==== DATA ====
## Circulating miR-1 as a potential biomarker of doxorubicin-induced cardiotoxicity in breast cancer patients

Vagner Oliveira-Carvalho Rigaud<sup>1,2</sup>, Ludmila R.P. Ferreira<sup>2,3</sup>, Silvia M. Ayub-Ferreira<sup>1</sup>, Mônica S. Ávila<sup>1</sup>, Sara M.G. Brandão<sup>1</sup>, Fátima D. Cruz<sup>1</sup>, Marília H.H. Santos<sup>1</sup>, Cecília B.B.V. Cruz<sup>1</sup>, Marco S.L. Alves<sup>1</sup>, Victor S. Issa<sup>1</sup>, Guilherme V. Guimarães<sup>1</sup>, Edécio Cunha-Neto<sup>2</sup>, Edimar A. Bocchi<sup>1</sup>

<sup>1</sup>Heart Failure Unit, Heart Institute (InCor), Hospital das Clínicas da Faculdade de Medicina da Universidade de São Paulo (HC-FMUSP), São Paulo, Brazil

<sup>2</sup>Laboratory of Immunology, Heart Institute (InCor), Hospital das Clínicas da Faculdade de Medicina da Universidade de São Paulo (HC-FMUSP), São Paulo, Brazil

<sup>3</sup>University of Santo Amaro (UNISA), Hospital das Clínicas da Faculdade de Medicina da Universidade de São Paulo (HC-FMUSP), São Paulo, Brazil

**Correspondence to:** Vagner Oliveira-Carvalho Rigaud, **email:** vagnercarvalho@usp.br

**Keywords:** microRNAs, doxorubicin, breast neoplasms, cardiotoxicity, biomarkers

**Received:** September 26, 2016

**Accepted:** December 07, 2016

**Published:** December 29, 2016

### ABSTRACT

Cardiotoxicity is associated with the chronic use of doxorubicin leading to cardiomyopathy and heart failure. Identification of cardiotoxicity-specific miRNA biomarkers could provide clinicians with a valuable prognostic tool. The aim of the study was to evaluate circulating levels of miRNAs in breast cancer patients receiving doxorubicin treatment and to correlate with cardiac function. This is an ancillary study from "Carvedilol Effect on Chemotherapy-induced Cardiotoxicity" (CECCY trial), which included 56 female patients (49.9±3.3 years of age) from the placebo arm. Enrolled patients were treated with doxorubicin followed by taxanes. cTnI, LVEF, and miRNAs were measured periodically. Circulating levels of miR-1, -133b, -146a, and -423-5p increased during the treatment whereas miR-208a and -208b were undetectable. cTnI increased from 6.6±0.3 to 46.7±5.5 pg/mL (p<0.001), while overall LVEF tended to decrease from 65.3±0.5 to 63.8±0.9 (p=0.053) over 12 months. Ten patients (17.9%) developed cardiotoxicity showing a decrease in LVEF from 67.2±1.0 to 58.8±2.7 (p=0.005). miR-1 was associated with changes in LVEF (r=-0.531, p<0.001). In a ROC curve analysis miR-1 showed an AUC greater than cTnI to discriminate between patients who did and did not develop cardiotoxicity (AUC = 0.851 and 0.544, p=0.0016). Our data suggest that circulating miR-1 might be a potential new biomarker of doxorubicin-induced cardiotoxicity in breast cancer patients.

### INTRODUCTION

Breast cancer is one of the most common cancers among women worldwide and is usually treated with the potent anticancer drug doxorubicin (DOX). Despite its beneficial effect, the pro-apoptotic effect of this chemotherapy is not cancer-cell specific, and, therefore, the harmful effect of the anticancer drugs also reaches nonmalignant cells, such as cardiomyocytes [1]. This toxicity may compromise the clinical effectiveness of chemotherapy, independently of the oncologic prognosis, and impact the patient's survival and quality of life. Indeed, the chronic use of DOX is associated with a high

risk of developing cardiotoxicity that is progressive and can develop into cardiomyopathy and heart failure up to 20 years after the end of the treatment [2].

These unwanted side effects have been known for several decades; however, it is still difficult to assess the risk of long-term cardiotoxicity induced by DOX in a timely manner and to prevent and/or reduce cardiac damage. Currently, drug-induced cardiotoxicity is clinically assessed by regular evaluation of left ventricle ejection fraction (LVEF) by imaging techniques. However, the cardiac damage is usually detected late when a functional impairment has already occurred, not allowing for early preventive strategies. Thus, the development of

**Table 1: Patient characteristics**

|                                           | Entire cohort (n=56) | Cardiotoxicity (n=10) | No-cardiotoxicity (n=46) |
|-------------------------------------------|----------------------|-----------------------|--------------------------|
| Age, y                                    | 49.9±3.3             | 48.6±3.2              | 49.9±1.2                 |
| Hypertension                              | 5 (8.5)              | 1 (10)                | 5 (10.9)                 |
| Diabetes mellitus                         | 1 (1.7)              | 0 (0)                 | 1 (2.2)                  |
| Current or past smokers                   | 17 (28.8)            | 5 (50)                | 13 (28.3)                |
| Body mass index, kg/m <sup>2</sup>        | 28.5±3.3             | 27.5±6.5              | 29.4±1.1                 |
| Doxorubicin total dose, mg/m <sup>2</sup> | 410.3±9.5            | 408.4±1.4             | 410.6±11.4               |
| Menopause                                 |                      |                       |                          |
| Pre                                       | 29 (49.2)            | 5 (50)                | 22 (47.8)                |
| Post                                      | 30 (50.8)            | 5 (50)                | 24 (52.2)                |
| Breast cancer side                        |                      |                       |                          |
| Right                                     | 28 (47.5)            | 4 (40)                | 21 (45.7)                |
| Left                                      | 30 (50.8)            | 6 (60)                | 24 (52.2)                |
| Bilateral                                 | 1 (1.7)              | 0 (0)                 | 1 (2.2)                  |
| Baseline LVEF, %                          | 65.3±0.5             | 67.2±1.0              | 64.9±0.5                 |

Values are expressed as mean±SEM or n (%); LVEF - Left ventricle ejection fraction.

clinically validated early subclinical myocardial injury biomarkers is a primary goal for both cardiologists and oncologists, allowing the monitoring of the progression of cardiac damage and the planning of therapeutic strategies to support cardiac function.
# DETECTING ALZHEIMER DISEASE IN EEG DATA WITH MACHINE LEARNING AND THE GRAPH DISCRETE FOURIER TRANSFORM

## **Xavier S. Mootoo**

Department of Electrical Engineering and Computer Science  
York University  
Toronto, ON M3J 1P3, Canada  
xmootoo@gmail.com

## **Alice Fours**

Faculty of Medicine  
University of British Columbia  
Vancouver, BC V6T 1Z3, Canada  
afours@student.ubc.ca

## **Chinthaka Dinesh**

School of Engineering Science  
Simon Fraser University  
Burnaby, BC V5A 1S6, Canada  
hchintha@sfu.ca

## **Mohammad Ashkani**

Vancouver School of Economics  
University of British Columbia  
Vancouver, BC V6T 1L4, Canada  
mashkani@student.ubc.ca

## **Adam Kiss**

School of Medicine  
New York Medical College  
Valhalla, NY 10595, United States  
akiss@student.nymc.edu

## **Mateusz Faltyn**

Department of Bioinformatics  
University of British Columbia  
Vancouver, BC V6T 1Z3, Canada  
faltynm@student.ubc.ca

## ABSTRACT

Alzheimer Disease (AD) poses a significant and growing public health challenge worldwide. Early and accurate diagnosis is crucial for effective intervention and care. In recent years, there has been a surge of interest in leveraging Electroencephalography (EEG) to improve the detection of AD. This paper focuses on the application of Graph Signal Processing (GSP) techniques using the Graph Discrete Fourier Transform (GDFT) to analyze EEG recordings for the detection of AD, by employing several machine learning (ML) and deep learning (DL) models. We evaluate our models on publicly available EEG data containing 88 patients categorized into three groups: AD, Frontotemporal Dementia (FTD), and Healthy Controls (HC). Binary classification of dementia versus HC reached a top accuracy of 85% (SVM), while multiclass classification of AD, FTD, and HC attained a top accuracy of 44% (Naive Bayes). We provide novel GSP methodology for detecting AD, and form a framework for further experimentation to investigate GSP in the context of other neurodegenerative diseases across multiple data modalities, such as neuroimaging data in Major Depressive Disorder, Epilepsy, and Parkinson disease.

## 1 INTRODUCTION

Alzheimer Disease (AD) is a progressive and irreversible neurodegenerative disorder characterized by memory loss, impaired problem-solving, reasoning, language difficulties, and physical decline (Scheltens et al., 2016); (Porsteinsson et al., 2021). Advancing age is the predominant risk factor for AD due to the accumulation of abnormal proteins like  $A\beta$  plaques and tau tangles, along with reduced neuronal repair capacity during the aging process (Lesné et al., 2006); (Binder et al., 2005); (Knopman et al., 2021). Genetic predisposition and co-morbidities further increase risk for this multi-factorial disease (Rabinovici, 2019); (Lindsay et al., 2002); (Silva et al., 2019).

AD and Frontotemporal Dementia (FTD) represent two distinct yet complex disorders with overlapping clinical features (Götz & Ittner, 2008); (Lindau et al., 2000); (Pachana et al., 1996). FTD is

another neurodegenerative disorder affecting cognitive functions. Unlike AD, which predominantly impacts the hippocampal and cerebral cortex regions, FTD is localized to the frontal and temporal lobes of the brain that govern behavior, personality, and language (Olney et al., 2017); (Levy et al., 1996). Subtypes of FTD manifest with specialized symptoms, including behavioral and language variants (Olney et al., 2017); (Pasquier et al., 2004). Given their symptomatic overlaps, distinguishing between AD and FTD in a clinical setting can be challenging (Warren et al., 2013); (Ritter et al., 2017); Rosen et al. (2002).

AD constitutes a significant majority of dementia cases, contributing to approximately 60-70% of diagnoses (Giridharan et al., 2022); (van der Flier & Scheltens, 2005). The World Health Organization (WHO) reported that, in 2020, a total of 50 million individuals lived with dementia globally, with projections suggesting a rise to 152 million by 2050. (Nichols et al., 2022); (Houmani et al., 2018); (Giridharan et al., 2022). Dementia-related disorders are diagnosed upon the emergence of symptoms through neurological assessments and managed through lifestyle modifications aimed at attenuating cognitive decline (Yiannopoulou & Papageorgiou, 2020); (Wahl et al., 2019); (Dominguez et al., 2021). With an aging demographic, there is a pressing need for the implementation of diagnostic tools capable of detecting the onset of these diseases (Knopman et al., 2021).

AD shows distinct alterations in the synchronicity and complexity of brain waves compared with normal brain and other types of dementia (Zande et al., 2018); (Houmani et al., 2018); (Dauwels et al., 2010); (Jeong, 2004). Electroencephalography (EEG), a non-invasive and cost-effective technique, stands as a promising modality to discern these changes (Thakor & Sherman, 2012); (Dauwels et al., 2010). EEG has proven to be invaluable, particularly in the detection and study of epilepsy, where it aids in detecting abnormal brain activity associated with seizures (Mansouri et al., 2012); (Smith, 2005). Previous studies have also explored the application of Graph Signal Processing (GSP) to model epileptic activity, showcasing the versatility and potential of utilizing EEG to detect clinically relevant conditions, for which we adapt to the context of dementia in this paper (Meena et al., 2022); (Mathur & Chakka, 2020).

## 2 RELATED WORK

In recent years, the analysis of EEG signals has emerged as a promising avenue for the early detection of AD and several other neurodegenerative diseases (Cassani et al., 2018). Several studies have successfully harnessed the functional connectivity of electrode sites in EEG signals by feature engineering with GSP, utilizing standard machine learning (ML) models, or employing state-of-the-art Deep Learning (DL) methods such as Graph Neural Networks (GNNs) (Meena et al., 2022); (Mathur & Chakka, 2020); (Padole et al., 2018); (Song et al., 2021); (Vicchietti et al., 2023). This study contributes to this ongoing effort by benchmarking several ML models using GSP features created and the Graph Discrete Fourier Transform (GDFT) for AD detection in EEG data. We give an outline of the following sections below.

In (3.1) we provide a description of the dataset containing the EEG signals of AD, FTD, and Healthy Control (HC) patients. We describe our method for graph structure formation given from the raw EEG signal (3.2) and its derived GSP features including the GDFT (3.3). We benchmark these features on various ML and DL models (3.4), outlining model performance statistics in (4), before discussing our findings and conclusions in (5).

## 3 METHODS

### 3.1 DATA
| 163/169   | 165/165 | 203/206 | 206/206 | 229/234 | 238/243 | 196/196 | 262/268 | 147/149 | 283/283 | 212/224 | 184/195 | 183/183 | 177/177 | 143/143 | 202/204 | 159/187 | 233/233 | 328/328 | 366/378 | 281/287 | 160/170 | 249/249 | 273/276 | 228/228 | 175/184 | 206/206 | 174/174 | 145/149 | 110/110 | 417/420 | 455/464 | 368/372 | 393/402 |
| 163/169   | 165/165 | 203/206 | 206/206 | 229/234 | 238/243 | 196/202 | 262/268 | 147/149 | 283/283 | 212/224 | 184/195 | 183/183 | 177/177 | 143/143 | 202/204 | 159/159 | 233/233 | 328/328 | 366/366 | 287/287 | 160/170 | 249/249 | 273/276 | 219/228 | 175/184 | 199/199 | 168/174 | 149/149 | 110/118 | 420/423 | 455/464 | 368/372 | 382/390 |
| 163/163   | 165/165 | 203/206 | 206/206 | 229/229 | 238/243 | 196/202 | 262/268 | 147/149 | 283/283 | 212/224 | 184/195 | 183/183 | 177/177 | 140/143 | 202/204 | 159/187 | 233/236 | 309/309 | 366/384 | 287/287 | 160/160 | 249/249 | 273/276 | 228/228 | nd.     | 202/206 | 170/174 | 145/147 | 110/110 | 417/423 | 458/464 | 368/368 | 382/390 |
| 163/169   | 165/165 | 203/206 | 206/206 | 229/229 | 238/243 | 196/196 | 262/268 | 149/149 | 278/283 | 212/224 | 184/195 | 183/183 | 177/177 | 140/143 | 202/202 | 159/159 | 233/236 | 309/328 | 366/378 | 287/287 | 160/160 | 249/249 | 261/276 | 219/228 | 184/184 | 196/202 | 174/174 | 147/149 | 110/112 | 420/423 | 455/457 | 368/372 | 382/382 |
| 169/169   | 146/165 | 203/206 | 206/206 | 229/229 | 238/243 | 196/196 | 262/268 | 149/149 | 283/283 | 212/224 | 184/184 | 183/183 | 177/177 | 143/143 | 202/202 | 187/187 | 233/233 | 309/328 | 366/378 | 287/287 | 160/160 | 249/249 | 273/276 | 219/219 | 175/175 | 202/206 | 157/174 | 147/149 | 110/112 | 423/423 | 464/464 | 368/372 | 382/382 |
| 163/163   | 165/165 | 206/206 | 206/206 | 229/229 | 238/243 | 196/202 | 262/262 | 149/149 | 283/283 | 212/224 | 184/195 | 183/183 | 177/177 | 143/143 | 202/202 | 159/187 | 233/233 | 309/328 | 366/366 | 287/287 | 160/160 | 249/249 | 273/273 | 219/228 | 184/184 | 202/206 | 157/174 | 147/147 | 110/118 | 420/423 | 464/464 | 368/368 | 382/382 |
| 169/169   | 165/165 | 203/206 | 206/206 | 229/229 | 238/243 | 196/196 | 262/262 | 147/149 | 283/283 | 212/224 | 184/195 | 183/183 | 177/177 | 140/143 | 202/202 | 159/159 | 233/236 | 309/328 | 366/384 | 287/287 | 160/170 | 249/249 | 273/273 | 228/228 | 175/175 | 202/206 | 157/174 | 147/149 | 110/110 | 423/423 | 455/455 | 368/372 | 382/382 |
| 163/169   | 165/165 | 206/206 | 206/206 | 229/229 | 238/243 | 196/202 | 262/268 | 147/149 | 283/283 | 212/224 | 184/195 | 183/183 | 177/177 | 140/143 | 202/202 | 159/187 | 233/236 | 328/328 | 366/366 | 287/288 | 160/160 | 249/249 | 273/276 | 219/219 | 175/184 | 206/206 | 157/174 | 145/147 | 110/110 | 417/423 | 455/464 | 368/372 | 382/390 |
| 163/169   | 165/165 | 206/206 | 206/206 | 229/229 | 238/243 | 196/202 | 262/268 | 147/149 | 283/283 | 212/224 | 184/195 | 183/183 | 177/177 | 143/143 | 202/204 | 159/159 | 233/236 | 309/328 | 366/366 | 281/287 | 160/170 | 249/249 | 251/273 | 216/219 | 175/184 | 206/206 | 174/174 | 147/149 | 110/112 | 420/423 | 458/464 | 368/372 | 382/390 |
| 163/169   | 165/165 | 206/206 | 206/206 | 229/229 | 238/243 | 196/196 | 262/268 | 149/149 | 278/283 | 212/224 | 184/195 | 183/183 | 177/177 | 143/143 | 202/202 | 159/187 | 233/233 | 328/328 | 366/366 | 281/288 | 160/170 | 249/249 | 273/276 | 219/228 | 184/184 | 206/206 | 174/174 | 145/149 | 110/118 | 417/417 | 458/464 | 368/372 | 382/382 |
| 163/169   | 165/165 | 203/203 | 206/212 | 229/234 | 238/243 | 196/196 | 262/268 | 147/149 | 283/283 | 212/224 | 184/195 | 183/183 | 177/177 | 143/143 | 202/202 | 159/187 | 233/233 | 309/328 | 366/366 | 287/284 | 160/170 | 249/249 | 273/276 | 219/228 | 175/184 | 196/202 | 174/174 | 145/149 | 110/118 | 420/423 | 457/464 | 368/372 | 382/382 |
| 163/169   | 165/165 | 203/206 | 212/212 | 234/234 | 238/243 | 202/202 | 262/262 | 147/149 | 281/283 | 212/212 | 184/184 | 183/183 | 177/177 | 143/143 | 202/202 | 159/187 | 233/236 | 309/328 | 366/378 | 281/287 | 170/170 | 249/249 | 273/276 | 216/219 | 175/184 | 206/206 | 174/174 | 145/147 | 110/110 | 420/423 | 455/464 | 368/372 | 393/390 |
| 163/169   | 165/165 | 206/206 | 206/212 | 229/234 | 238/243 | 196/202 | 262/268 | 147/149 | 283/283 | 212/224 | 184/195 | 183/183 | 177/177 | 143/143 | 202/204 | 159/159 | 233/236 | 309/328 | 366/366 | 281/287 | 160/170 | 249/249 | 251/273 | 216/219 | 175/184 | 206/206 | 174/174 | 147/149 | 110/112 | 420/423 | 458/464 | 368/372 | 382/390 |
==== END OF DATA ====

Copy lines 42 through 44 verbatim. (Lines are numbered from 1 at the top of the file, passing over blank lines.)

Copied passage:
## **Alice Fours**

Faculty of Medicine  
University of British Columbia  